I would like us to take careful note of the balance in Nehemiah’s approach to problem-solving. It is very spiritual, on the one hand, and yet highly pragmatic on the other hand.


            Most people tend to one or the other. Some people simply pray and expect God to work things out apart from any participation on their part. Others neglect to pray, hoping to solve their problems through sheer effort and clever innovation. But taken alone, neither will suffice.


            Prayer without pragmatics is presumption. Prayer without stationing armed guards is going to get someone hurt, or possibly even killed. On the other hand, pragmatics without prayer flows from pride. To attempt to engage our critics without Divine assistance is to court disaster.


            As you can see, our ongoing communion with God is necessary on so many fronts. We need to continually test whether our vision is on track—we need to determine whether our good idea is, in fact, a God idea.


            I believe that a vision requiring us to Bring In Others and Teach Jesus is a God idea. It would be much easier if we emphasized some other things instead. We have a better chance of avoiding controversy if we simply preserved the status quo. By contrast, responding to the call to Bring In Others and Teach Jesus is going to force us out of our comfort zone. And a movement, on our part, to Bring In Others and Teach Jesus, will probably require some change—and that change will likely give rise to some level of opposition.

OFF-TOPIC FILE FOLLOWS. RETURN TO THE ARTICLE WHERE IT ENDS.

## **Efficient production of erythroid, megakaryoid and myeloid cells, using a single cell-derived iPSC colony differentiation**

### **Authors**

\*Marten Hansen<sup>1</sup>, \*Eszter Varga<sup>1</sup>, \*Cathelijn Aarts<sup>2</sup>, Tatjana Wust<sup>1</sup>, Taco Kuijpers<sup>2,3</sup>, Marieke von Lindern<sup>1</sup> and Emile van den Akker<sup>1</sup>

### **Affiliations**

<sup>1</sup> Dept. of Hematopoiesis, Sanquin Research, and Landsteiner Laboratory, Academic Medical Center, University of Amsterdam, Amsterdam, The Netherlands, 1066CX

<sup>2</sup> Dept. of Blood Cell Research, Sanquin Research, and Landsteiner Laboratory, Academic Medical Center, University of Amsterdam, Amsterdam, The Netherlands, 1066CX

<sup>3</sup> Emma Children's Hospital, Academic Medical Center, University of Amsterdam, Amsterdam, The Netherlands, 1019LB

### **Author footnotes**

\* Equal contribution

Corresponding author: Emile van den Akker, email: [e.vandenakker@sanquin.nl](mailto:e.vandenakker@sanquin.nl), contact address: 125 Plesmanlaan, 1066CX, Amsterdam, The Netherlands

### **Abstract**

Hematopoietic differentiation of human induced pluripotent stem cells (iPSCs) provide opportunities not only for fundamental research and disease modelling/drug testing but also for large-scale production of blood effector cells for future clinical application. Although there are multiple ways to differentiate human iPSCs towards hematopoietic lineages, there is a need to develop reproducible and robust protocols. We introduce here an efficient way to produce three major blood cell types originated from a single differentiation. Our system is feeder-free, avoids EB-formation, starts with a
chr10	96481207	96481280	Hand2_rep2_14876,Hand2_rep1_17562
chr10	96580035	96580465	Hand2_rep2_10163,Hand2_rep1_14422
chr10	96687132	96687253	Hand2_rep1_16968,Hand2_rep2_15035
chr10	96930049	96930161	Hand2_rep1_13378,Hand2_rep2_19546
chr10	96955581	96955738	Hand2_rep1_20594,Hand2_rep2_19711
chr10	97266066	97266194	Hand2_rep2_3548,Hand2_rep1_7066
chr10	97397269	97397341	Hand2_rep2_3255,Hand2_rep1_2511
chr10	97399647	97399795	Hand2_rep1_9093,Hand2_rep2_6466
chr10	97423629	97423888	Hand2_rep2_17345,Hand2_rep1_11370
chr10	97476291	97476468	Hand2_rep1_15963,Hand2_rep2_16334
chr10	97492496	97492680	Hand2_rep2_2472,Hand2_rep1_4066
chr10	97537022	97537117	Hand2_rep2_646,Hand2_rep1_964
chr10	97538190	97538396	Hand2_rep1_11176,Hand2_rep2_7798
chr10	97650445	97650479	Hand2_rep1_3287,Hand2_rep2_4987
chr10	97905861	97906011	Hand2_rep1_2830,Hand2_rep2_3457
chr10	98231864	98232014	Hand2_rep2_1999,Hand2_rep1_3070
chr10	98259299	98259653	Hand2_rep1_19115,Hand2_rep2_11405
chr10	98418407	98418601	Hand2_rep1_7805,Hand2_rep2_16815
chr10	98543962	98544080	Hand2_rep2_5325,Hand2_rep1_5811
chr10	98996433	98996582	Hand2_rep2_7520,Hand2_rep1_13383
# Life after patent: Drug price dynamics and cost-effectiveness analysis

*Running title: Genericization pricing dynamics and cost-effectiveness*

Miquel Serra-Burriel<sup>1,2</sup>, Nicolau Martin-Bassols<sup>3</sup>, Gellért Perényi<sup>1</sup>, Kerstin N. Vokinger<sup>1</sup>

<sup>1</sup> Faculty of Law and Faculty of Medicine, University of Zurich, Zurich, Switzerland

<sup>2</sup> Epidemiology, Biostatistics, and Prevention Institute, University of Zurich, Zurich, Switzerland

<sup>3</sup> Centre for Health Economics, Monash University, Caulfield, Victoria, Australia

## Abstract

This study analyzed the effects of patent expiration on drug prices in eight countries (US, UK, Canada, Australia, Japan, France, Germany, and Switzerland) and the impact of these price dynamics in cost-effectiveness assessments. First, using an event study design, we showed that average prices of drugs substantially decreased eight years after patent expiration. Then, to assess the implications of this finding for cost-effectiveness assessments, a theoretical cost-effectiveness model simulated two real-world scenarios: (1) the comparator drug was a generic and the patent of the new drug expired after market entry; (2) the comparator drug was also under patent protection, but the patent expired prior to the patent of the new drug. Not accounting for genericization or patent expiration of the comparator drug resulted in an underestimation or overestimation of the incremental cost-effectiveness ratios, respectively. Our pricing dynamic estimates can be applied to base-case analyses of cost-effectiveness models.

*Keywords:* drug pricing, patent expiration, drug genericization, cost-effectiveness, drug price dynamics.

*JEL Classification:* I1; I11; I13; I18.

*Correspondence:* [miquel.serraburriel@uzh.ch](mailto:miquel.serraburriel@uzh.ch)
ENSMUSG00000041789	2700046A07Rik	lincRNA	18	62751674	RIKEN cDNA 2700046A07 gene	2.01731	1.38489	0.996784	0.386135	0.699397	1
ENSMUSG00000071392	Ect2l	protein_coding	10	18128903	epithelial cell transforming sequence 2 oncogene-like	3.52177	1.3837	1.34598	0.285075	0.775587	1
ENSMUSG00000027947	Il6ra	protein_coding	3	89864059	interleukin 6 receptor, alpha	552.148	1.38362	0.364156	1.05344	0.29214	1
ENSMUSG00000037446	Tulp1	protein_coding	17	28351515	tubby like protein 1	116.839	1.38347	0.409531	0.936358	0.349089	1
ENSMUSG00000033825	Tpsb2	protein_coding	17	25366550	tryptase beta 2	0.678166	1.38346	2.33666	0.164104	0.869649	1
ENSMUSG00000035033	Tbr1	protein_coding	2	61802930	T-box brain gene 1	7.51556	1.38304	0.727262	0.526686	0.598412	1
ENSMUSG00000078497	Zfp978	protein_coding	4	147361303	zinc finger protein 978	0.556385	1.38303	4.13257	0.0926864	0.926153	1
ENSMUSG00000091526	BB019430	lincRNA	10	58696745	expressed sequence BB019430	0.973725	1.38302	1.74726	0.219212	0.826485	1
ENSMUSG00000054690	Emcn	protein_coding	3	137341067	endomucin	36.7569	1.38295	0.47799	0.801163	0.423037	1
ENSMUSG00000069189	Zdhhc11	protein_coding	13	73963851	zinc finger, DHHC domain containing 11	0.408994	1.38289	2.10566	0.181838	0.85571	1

We learn from Nehemiah, that pursuing a God idea is not a ‘walk in the park’. Much prayer, planning, probing, presenting and problem-solving will be required. We translate that to mean that a significant amount of time, resources, and effort will be needed.


            I pray that St. Giles Kingsway is up to the task. I know that we can do it—with God’s help, we possess the ability to succeed in Bringing in Others and faithfully Teaching Jesus.


            The question is NOT: ‘Can we see this vision through?’


            The question IS: ‘Will we see this vision through?’